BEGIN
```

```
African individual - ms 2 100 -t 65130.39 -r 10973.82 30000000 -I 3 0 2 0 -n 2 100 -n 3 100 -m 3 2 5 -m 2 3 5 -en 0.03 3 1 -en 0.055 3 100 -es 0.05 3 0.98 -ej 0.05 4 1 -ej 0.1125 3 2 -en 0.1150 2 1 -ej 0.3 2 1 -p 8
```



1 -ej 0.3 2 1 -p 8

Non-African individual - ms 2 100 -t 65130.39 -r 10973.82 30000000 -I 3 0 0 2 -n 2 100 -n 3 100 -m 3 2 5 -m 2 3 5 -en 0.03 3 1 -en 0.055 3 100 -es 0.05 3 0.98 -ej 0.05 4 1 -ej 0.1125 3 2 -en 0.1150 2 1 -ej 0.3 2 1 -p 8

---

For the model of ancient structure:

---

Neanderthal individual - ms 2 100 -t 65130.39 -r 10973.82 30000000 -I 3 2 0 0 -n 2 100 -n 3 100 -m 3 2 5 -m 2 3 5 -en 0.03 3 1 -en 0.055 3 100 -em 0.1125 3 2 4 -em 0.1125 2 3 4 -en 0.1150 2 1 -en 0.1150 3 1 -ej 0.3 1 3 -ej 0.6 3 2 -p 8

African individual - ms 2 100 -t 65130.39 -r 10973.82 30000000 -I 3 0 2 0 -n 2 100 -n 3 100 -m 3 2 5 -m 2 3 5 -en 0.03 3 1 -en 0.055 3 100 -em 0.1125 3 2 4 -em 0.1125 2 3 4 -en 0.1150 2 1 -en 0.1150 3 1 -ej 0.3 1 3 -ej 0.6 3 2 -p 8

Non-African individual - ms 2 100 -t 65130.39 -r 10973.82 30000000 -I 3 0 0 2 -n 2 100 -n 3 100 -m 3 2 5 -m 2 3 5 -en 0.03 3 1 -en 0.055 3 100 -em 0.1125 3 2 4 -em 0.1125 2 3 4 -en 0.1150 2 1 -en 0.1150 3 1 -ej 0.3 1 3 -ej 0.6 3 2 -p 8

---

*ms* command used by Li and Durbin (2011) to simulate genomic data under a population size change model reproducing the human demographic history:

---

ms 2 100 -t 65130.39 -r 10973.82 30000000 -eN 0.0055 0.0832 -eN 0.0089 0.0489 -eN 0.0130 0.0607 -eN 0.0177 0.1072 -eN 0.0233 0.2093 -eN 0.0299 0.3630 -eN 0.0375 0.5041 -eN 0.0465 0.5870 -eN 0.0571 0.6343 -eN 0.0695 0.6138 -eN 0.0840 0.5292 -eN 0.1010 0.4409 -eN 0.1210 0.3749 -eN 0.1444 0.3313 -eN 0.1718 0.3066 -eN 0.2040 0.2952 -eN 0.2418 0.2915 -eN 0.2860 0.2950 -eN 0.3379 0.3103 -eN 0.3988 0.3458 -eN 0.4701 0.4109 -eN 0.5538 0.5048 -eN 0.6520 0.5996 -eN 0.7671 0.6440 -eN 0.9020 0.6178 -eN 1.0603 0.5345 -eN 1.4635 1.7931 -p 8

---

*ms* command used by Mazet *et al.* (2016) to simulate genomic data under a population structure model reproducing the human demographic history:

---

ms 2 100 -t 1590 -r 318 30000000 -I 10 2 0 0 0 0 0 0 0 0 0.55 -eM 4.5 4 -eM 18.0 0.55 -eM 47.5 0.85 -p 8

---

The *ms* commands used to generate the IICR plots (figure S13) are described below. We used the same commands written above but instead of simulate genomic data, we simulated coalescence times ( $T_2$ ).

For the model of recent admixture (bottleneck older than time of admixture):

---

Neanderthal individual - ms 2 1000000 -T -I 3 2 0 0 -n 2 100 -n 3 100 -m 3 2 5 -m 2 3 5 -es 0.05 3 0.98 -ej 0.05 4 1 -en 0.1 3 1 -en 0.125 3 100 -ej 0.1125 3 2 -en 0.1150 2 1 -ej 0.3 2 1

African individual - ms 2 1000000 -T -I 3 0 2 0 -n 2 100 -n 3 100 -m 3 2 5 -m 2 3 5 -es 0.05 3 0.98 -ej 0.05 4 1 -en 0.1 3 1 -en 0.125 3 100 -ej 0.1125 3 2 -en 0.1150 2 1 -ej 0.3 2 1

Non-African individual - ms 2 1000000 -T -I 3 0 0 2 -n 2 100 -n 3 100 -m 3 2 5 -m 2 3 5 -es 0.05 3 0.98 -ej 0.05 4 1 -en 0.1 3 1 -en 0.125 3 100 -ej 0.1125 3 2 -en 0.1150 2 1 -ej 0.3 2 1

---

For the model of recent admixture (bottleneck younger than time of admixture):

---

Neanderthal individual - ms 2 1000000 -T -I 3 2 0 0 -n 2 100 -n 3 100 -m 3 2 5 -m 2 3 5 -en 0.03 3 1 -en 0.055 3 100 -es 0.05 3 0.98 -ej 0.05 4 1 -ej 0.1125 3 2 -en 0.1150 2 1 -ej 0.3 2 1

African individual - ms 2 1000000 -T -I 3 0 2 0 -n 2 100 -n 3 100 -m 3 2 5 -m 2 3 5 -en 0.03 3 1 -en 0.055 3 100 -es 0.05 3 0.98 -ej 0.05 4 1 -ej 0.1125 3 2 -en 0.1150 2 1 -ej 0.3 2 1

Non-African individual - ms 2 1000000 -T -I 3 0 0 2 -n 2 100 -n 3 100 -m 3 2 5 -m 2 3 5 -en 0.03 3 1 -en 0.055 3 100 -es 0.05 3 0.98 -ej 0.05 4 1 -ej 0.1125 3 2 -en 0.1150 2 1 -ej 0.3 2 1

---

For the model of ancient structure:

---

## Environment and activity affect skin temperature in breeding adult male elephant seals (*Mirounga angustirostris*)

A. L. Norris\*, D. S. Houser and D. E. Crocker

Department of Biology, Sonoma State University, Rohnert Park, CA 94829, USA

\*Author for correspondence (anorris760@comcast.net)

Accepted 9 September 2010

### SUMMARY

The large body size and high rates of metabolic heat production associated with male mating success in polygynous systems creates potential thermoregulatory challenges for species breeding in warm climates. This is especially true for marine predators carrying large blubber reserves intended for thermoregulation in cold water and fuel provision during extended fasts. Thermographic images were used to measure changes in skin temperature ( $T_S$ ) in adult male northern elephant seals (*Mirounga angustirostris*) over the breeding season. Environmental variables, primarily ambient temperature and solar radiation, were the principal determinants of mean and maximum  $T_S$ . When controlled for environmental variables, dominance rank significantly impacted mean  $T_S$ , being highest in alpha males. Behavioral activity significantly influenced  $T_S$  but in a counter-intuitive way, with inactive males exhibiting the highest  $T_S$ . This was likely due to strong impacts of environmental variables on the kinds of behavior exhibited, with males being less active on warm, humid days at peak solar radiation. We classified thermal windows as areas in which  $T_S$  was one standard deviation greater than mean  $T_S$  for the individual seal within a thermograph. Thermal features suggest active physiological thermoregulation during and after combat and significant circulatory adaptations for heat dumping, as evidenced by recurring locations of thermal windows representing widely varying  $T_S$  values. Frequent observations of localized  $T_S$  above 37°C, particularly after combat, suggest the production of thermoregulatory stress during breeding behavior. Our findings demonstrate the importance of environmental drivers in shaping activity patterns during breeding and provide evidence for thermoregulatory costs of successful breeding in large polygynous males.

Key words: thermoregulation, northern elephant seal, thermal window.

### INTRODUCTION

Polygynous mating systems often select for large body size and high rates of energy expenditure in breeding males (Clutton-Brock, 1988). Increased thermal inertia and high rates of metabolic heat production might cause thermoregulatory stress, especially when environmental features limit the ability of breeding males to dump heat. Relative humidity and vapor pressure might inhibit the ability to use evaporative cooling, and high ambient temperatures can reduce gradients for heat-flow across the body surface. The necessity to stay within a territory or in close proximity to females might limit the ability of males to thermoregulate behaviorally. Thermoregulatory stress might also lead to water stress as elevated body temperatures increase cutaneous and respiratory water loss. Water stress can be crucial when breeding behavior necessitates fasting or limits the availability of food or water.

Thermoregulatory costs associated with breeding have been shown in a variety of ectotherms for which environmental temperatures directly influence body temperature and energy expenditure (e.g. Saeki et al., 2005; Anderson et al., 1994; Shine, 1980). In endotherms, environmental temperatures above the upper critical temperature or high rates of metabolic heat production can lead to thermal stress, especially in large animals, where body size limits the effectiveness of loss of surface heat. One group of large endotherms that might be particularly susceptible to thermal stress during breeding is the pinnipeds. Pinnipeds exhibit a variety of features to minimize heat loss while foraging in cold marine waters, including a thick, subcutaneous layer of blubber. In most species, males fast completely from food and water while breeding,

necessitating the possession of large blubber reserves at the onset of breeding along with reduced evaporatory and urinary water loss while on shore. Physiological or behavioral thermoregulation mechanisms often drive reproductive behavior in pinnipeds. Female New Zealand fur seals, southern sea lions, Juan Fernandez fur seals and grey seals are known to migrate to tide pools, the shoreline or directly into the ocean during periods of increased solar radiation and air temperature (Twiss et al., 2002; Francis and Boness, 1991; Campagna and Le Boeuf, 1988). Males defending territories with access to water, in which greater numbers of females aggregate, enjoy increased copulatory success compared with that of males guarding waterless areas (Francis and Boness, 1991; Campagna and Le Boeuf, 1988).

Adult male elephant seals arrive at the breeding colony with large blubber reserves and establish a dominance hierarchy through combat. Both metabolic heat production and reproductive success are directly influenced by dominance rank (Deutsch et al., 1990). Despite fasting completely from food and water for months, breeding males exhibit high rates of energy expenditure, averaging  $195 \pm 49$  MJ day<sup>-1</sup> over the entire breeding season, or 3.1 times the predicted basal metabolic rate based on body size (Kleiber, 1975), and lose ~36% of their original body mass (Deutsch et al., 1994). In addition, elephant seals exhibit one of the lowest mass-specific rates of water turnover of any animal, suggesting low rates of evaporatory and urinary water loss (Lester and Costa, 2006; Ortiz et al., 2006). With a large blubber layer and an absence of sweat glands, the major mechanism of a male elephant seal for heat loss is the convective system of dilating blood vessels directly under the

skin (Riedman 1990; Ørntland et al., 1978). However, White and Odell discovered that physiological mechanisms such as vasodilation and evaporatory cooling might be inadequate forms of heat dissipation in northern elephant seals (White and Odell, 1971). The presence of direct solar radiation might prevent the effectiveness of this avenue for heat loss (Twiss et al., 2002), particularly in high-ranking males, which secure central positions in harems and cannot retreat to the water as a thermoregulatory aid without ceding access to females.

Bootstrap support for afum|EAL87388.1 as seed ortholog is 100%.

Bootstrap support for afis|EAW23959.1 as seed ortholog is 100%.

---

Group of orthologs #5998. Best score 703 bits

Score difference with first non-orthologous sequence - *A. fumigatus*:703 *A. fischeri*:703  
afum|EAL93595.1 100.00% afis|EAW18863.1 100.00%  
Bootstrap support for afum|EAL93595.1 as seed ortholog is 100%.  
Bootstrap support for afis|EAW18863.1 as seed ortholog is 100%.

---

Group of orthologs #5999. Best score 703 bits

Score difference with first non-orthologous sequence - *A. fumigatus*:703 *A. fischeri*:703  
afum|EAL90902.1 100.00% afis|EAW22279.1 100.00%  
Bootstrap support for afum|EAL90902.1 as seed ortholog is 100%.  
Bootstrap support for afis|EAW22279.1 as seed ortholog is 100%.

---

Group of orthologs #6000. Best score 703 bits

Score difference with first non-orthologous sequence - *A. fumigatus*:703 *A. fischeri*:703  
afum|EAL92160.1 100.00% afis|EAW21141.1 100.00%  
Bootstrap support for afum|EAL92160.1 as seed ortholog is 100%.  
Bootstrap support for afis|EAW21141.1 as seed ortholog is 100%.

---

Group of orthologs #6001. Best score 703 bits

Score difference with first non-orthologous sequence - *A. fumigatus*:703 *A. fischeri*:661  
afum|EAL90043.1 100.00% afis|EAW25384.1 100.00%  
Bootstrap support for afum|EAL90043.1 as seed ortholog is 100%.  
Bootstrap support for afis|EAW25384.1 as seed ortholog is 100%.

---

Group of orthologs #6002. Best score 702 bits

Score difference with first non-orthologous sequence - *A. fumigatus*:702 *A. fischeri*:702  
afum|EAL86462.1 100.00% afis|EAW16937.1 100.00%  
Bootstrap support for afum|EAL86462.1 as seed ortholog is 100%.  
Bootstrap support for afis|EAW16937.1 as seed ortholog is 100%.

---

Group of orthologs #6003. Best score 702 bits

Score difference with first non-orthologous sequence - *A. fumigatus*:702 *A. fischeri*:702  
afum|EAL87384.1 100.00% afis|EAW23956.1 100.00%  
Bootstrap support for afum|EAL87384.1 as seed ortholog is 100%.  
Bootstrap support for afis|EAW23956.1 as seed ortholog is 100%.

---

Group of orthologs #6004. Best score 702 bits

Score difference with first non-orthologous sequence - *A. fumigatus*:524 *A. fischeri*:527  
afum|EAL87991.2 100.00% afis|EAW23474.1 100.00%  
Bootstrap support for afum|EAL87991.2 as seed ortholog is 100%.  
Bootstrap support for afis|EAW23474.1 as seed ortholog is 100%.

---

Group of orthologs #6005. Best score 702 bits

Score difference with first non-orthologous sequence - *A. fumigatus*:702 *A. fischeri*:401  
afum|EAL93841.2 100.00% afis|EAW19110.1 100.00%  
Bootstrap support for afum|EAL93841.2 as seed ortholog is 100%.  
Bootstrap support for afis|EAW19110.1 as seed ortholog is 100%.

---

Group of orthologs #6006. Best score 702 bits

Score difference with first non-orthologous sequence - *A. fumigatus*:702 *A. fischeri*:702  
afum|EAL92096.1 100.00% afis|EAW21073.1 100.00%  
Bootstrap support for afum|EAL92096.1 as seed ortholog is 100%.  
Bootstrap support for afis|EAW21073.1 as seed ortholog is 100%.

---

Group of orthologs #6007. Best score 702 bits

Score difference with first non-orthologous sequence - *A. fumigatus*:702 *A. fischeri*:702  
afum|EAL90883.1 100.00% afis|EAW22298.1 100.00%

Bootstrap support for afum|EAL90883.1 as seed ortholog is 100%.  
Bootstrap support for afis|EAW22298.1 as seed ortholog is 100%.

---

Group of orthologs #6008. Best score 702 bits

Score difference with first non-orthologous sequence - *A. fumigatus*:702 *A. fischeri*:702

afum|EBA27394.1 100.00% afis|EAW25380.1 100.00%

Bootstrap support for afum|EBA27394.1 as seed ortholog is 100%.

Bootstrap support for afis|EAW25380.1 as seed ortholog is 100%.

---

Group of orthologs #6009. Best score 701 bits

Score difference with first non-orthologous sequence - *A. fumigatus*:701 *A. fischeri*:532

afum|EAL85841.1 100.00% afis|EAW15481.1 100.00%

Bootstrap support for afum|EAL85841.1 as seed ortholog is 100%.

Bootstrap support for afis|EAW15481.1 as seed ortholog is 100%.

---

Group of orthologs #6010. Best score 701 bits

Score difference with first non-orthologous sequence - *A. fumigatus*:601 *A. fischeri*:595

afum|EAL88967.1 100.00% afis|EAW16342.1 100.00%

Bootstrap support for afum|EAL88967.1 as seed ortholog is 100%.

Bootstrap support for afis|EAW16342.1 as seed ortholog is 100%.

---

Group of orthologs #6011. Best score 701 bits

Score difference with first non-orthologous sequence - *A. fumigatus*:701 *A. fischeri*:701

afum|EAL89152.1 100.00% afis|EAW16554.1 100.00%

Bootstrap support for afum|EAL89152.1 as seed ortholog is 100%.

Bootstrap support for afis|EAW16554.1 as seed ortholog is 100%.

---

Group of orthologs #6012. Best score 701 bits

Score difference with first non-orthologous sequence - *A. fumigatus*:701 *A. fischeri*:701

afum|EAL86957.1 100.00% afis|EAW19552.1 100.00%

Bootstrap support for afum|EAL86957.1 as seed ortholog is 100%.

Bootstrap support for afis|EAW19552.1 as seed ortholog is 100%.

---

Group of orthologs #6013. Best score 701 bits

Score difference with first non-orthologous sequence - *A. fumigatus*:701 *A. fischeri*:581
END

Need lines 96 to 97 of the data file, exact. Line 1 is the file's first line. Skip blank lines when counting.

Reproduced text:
Group of orthologs #6005. Best score 702 bits

Score difference with first non-orthologous sequence - *A. fumigatus*:702 *A. fischeri*:401  